The Russian Classics
An article, by Kevin Mahnken, in Humanities looks into the lives of Richard Pevear and Larissa Volokhonsky, the most notable and famous translation team of the Russian classics. If you desire an exceptional faithful rendering in English of the Russian classics, you would be hard-pressed not to select their translation. I have many of their translated work in my library.
But there is nothing simple about the ongoing Pevear-Volokhonsky partnership (known widely in literary circles as PV). Their output, spilling over tens of thousands of pages and encompassing the hundred-fifty-year golden age of Russian literature, rivals even their most prolific forerunners in both quality and quantity. It is easier to list the canonical prose authors they have neglected (only Turgenev and Nabokov, though Larissa has lobbied her husband to turn their attentions to the former) than all of those they have translated. From the Patriotic War against Napoléon to the era of nineteenth-century radicalism and reform, and then on to the October Revolution, the Communist terror, and the postwar period, the Pevear-Volokhonsky project now surveys a cultural expanse as broad as the Siberian frontier.
Even their unconventional division of labor sets them apart from their contemporaries. Occupying separate rooms, husband and wife execute a two-step process that begins with Larissa’s word-for-word English rendition from the original. Richard, who speaks only basic Russian, then shapes Larissa’s special proof into literary English while rejecting anachronistic vocabulary and constructions. After hundreds of chapters, revisions, and personal consultations, the method has resulted in two prestigious PEN Translation Prizes and—as a mark of their uncommon public acceptance—a much-coveted selection to Oprah Winfrey’s juggernaut book club.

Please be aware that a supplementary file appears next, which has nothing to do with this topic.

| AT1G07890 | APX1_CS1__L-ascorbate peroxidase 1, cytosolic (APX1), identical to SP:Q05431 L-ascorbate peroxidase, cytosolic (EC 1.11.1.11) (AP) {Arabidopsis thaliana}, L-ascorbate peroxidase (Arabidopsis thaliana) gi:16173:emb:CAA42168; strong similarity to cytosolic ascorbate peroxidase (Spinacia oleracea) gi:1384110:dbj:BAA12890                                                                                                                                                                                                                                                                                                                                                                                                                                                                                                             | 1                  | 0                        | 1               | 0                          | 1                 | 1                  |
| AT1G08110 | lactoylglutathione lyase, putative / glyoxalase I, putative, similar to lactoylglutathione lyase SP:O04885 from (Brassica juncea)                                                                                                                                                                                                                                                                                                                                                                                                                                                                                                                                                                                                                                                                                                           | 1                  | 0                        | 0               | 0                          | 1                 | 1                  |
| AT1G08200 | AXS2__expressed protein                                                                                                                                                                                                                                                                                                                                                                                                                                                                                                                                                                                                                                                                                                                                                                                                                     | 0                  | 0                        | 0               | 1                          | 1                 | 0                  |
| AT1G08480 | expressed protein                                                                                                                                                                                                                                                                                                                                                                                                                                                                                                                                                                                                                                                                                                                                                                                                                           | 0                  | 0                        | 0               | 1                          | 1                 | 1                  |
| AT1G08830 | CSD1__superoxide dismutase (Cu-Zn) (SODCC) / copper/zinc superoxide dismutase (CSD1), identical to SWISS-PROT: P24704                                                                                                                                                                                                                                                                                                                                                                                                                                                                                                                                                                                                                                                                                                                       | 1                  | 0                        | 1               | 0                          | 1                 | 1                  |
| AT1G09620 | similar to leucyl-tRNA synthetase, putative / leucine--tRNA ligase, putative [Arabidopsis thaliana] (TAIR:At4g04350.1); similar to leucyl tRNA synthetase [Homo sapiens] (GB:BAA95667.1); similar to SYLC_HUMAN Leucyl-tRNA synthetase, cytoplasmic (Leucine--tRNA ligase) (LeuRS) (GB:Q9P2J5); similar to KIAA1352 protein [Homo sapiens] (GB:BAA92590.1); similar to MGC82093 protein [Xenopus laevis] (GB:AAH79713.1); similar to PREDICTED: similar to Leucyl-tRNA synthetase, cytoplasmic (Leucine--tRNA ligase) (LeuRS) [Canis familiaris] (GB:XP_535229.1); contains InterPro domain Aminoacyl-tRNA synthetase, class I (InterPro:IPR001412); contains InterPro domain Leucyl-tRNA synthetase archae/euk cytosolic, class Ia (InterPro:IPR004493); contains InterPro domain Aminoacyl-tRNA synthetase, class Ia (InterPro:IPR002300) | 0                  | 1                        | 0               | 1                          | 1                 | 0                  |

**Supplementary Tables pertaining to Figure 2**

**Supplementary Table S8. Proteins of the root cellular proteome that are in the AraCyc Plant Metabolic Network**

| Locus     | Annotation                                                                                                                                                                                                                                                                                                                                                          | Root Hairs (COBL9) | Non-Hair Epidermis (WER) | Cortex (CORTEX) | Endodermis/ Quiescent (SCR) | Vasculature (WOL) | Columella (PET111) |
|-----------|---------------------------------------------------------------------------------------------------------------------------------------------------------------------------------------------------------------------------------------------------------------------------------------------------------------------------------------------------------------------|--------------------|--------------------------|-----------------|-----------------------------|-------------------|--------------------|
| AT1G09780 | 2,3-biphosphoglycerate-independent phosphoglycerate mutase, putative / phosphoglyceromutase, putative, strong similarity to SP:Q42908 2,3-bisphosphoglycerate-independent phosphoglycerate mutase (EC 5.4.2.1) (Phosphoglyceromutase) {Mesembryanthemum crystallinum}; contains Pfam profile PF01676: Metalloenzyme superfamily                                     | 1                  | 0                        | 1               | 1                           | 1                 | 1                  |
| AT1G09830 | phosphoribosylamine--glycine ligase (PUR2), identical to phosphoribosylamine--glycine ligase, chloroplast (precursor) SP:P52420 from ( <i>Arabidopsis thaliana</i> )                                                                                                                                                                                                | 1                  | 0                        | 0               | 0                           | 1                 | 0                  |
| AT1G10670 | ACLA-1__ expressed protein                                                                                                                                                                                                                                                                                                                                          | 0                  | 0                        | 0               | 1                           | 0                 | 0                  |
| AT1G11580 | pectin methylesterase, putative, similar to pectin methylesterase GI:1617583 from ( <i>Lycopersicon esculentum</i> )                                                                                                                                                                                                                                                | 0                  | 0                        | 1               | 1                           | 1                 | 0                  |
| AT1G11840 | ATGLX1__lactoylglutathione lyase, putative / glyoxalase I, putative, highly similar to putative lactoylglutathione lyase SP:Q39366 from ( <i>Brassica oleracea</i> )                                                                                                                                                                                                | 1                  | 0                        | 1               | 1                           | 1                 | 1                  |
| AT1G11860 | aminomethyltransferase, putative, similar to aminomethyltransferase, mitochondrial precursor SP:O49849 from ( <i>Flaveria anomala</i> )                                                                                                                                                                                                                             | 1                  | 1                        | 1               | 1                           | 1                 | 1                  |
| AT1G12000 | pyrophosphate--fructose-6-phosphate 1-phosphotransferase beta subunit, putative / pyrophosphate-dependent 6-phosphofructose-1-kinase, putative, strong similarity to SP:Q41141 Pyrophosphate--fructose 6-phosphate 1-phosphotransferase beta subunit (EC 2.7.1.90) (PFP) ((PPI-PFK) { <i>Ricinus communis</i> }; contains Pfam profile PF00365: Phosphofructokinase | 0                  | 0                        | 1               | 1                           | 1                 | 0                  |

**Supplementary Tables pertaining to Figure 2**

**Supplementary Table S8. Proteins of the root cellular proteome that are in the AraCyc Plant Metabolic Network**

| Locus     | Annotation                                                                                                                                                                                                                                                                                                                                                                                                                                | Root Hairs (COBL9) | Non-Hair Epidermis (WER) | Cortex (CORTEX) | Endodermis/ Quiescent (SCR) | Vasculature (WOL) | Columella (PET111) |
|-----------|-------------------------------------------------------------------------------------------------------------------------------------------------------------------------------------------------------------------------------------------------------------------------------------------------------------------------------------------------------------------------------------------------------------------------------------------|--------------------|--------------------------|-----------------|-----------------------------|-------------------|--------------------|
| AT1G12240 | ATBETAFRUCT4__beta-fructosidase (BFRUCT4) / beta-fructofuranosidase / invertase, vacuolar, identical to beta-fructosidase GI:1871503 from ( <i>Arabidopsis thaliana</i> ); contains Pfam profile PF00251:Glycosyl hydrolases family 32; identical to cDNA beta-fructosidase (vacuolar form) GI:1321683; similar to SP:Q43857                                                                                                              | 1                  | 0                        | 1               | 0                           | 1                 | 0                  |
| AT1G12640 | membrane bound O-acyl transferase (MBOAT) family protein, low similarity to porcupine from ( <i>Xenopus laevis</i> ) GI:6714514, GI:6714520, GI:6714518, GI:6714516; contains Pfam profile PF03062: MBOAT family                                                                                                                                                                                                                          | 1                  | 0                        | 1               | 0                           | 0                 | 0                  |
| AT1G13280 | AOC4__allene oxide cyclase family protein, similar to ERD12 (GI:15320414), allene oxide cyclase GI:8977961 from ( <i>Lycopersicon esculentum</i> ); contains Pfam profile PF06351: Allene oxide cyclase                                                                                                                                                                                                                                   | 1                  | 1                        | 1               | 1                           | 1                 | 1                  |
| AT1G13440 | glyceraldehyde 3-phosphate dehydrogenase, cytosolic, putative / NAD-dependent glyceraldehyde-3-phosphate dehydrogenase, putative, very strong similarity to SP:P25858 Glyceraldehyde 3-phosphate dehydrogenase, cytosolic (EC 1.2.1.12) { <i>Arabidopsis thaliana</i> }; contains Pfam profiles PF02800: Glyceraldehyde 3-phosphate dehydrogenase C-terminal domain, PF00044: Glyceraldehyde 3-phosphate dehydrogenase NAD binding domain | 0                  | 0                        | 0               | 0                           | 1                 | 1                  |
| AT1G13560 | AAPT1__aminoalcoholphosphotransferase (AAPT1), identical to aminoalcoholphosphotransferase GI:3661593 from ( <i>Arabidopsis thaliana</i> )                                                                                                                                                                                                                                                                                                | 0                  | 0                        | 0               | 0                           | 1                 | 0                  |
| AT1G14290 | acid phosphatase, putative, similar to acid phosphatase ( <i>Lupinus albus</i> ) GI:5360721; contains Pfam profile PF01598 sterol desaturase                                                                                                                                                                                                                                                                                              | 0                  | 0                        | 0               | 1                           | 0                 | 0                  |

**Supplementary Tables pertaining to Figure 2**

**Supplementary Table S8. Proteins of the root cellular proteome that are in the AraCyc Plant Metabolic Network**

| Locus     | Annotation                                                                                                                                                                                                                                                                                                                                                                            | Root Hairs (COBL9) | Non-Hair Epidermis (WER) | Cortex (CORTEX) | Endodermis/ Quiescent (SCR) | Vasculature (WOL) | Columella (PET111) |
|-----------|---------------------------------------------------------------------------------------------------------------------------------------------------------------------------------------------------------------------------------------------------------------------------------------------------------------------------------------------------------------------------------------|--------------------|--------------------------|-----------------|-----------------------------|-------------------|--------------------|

Now they have passed another important milestone. In putting their stamp on Lev Tolstoy’s final novel, Hadji Murat, they have at last reached the end of the great author's major writings. But if translating the life’s work of Russian fiction’s foremost master were cause for a certain amount of triumphalism, you wouldn’t know it from talking to P and V.
Asked if he believes they have delivered dispositive English versions of the great works of Russian literature, Richard responds flatly, “I don’t believe in definitive translations.” Larissa similarly demurs: “The thing is that, we cannot set ourselves such a goal. We set ourselves a goal to make a faithful translation that conveys the style, the voice, the spirit of the original. . . . Some translations live for a very long time—but that does not mean that there should not be new translations. In fact, if there are no new translations, that means something’s wrong. The work is dead.”Such is the making of good translations, as faithful as is possible to the original work, but in another language. Their first major translation was Dostoyevsky’s The Brothers Karamazov, improving on the translation by David Magarshack. The couple, married since 1981, now reside in Paris. Kudos and much aprecaition to the team of Pevear-Volokhonsky for almost three decades of outstanding work; they have been collaborating since 1986.
You can read the rest of the article at [Humanities]